Covid-19 and Cornwall: the facts

A lot of often conflicting nonsense has appeared on both social media and the ‘mainstream’ media about how far this virus is present in Cornwall or the number of cases and deaths. Let’s look at what we know.

By the end of May the ONS had recorded 200 deaths in Cornwall where Covid-19 was cited as a cause of death or a contributory factor.

A map of those deaths shows a spread across the land with only a few places – Newlyn East and Grampound Road, Padstow, St Breward, Tintagel and Torpoint and the Rame peninsula – escaping with no mortalities. More generally, the more rural north of Cornwall looks to have best survived the outbreak. Other rural areas, for example the Lizard or mid-Cornwall between St Columb and Lostwithiel – have also seen relatively few victims. However, rurality has not guaranteed immunity. The rural Probus and Roseland has recorded the highest number of deaths, while the district east of the Fowey River has also suffered more than average.

That rurality is no magic bullet is confirmed by this map of detected cases per head across the UK.

Cases of Covid-19 per 100k population

Areas that are as rural, if not more so, than Cornwall such as East Anglia, North Yorkshire or Powys in Wales have seen twice as many detected cases. Meanwhile, Cumbria has had four times the Cornish number. A marginal location also seems important. Those regions with a lower number of cases per resident than Cornwall are Dorset and rural Devon in England, Ceredigion in Wales, the Highlands in Scotland and Fermanagh and Omagh in Northern Ireland.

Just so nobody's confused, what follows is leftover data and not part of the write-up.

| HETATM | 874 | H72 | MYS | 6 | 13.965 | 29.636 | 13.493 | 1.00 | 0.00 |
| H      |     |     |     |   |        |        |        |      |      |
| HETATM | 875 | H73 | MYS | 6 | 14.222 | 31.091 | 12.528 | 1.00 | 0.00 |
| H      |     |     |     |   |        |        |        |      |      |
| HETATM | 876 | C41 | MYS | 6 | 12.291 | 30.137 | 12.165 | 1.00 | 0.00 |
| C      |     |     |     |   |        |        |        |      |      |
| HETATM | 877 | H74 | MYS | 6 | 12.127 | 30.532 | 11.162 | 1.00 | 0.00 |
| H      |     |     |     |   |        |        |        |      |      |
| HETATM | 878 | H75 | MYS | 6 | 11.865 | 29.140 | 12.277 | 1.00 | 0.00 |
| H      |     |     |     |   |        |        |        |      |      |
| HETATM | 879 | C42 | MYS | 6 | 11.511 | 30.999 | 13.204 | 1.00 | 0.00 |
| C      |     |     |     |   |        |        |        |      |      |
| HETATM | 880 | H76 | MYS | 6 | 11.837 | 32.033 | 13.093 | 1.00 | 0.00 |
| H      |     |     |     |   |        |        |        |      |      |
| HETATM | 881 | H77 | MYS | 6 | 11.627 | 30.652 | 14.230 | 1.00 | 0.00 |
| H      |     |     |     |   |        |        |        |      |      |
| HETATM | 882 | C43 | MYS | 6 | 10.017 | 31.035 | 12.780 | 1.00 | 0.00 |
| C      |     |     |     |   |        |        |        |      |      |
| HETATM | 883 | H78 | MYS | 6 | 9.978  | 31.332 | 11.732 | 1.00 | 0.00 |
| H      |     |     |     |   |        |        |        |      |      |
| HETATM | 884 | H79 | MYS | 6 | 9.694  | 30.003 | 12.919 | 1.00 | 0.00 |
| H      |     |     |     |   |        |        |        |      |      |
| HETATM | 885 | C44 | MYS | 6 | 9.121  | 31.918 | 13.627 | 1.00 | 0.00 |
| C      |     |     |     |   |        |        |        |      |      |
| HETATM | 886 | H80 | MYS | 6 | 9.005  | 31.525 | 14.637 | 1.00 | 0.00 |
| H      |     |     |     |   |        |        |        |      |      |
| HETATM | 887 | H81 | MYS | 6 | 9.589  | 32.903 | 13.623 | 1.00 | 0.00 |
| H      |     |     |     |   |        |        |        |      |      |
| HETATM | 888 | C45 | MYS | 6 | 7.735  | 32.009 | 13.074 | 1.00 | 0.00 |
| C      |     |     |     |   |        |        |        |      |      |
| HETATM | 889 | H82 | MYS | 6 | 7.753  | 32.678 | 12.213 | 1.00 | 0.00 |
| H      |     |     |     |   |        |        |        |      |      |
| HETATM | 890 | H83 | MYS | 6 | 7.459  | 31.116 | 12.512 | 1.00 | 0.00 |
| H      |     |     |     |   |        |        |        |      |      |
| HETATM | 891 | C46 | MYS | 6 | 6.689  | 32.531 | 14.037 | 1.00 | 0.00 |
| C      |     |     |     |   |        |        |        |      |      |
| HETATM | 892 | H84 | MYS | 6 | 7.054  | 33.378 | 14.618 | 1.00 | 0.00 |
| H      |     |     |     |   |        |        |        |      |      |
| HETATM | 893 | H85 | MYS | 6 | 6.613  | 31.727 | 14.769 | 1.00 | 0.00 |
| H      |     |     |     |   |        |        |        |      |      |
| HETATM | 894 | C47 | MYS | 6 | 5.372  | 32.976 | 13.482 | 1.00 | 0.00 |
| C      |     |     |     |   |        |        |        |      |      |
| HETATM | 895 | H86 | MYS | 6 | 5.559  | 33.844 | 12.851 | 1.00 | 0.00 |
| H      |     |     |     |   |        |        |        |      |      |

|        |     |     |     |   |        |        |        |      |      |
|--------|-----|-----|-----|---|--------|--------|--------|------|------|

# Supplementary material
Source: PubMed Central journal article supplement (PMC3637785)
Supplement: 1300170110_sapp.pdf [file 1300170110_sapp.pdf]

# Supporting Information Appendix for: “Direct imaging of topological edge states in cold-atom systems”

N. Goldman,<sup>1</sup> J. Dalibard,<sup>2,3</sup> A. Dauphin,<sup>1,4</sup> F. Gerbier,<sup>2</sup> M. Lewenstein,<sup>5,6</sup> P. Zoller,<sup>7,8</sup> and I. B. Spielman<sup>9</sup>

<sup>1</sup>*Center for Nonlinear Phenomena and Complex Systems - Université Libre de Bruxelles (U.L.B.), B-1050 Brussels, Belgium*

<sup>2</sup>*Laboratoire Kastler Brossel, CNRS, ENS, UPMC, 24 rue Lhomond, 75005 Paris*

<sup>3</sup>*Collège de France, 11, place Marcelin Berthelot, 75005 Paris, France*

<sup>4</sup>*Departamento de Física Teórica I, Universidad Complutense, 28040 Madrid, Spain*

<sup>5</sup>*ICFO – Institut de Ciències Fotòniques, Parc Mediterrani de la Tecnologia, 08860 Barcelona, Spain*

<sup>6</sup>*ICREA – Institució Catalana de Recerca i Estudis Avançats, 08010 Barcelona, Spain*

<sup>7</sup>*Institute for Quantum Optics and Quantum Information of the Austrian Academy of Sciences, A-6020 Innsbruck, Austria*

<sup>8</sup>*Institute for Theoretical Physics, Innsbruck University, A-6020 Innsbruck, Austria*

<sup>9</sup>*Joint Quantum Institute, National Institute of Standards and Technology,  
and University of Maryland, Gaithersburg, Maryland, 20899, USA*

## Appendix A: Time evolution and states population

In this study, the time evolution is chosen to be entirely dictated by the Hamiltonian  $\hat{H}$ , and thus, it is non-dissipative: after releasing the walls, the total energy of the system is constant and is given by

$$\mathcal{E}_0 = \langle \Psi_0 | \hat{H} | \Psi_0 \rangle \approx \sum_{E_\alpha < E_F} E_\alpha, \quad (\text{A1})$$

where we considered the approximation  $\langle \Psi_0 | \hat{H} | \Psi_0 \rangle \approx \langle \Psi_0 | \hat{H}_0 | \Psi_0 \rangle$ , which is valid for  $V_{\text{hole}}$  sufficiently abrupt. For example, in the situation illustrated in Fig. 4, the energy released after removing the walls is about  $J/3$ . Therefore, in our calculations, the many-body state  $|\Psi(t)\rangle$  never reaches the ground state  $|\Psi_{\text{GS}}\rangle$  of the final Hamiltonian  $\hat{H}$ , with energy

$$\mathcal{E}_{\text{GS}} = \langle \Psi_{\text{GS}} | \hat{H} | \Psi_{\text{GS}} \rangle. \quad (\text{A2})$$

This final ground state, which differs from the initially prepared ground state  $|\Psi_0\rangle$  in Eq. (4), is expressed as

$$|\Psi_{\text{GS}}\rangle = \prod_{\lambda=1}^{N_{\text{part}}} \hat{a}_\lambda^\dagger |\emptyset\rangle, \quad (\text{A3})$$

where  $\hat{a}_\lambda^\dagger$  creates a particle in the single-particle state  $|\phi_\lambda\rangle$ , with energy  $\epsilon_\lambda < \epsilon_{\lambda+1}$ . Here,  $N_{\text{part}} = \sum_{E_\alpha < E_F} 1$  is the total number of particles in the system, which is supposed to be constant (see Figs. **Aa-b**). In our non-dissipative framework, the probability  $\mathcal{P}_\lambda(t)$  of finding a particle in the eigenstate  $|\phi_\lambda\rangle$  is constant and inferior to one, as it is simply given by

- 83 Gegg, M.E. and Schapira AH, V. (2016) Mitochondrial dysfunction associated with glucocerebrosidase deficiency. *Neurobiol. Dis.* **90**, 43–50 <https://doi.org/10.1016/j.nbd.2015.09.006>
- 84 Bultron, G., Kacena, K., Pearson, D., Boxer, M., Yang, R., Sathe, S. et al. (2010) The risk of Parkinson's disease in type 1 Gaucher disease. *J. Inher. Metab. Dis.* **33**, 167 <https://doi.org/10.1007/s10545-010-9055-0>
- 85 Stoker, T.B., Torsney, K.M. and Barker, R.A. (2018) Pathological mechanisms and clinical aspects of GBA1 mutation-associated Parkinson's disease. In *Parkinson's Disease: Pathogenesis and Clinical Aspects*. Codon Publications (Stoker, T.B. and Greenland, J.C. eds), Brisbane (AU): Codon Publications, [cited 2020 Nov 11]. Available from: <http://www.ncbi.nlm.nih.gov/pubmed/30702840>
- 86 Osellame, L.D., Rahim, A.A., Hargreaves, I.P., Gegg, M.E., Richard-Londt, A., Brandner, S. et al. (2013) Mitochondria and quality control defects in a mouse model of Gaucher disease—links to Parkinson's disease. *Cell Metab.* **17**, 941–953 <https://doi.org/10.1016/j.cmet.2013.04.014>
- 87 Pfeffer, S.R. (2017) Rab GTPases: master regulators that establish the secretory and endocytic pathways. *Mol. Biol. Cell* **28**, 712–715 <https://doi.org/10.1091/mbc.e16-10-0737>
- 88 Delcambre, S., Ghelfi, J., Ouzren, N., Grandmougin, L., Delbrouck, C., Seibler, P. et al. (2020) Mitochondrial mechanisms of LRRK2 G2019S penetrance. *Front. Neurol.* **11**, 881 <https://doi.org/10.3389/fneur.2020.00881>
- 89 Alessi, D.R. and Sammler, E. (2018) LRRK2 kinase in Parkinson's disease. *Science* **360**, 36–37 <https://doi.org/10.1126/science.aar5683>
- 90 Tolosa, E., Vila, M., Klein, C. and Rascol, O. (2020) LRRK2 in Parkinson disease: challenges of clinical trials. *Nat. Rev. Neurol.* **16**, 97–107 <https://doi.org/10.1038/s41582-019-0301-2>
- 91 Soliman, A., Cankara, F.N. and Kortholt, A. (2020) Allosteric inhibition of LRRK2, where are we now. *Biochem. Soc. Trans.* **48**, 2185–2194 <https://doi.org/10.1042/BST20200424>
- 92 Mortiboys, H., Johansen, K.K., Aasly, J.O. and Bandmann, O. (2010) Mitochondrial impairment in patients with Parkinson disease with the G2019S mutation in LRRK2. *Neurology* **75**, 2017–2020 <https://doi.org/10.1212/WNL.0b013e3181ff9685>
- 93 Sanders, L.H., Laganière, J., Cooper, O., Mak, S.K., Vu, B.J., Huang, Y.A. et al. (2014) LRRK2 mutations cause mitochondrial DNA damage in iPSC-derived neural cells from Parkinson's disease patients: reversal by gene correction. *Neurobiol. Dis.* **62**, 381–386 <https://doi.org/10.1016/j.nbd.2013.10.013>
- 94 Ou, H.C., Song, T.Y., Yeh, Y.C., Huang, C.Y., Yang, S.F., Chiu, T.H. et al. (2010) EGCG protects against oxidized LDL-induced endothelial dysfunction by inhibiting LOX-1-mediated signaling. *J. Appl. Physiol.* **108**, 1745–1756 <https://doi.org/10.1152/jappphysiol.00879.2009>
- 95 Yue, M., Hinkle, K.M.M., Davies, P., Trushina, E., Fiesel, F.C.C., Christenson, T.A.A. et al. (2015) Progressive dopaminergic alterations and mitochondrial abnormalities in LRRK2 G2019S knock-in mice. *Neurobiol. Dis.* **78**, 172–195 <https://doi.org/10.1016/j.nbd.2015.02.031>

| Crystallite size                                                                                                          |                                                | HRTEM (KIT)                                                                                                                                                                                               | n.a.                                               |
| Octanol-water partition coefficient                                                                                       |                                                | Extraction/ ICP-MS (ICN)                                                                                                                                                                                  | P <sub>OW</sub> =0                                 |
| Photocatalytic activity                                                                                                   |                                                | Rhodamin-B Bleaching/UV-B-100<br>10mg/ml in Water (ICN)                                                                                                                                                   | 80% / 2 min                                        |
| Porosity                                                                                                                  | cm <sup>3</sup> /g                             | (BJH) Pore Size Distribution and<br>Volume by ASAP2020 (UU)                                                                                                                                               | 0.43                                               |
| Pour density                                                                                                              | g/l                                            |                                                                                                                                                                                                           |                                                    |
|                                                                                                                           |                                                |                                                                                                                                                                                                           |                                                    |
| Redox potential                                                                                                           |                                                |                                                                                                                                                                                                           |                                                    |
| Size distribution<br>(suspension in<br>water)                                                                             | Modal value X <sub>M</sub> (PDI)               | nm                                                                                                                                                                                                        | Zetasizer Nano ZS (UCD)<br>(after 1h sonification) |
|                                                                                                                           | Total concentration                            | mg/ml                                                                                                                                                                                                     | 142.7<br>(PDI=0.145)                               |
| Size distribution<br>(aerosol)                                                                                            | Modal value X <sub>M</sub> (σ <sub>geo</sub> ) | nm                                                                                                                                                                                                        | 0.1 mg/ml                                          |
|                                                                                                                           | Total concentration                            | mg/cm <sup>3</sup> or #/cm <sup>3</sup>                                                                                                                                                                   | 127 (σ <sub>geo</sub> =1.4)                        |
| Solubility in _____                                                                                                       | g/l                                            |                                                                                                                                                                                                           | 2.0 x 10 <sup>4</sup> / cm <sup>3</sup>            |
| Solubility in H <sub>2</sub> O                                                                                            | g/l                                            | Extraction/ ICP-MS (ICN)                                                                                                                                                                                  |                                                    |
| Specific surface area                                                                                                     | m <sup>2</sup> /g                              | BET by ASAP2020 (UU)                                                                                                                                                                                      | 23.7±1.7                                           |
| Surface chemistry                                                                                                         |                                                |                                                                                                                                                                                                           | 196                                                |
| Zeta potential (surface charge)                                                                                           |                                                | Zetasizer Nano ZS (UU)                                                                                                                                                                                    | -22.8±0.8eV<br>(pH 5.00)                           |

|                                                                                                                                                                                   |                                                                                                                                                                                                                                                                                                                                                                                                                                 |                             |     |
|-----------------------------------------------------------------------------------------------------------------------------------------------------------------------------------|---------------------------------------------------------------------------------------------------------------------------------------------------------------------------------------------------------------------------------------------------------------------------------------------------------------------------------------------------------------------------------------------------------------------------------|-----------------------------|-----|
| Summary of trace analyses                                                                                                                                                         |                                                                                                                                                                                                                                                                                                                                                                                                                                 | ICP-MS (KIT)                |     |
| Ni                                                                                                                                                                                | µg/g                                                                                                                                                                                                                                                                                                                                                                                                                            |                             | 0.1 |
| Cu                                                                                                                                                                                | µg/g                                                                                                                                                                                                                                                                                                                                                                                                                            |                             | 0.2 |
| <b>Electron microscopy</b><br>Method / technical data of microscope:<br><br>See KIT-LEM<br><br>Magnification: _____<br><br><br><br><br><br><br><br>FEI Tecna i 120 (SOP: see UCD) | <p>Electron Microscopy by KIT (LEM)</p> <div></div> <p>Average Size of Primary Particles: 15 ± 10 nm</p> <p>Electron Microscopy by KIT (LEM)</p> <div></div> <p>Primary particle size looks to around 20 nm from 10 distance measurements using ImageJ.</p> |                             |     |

Clearly the number of cases reported is only the tip of the iceberg. Currently the total of detected cases in Cornwall is running at 591. Given an assumed mortality rate of somewhere between 1 and 10% we should expect the real figure, based on 200 deaths, to be more like 2,000 to 20,000! Either the proportion detected is very low or we have an unusual and shockingly high mortality rate.

Overall however, Cornwall has fared relatively well. ‘Well’ in the context of the UK is of course pretty bad when compared to most of the rest of the world. Two hundred early and unexpected deaths are hardly cause for congratulation.

Moreover, before becoming too complacent we might note the final piece of evidence – the seven-day rolling average of detected cases in Cornwall.

For what it’s worth, this suggests that after a steady fall from early May, there was a small but significant jump in the number of cases in the first week of June.

The virus is still out there, so as the tourist sector eagerly gears up to resume its operations it’s best to remain vigilant and take care.

2 thoughts on “Covid-19 and Cornwall: the facts

  1. I suggest the increase in detected cases is because the volume of testing has increased. Positives as a proportion of total tests is a better indicator. National NAO figures show a steady decline trend where the pure volume shows something like the bump curve shown here. Of course, the only way of being clear would be to test everyone, while also being clear about the distinction between antibody and virus detection.

    Liked by 1 person

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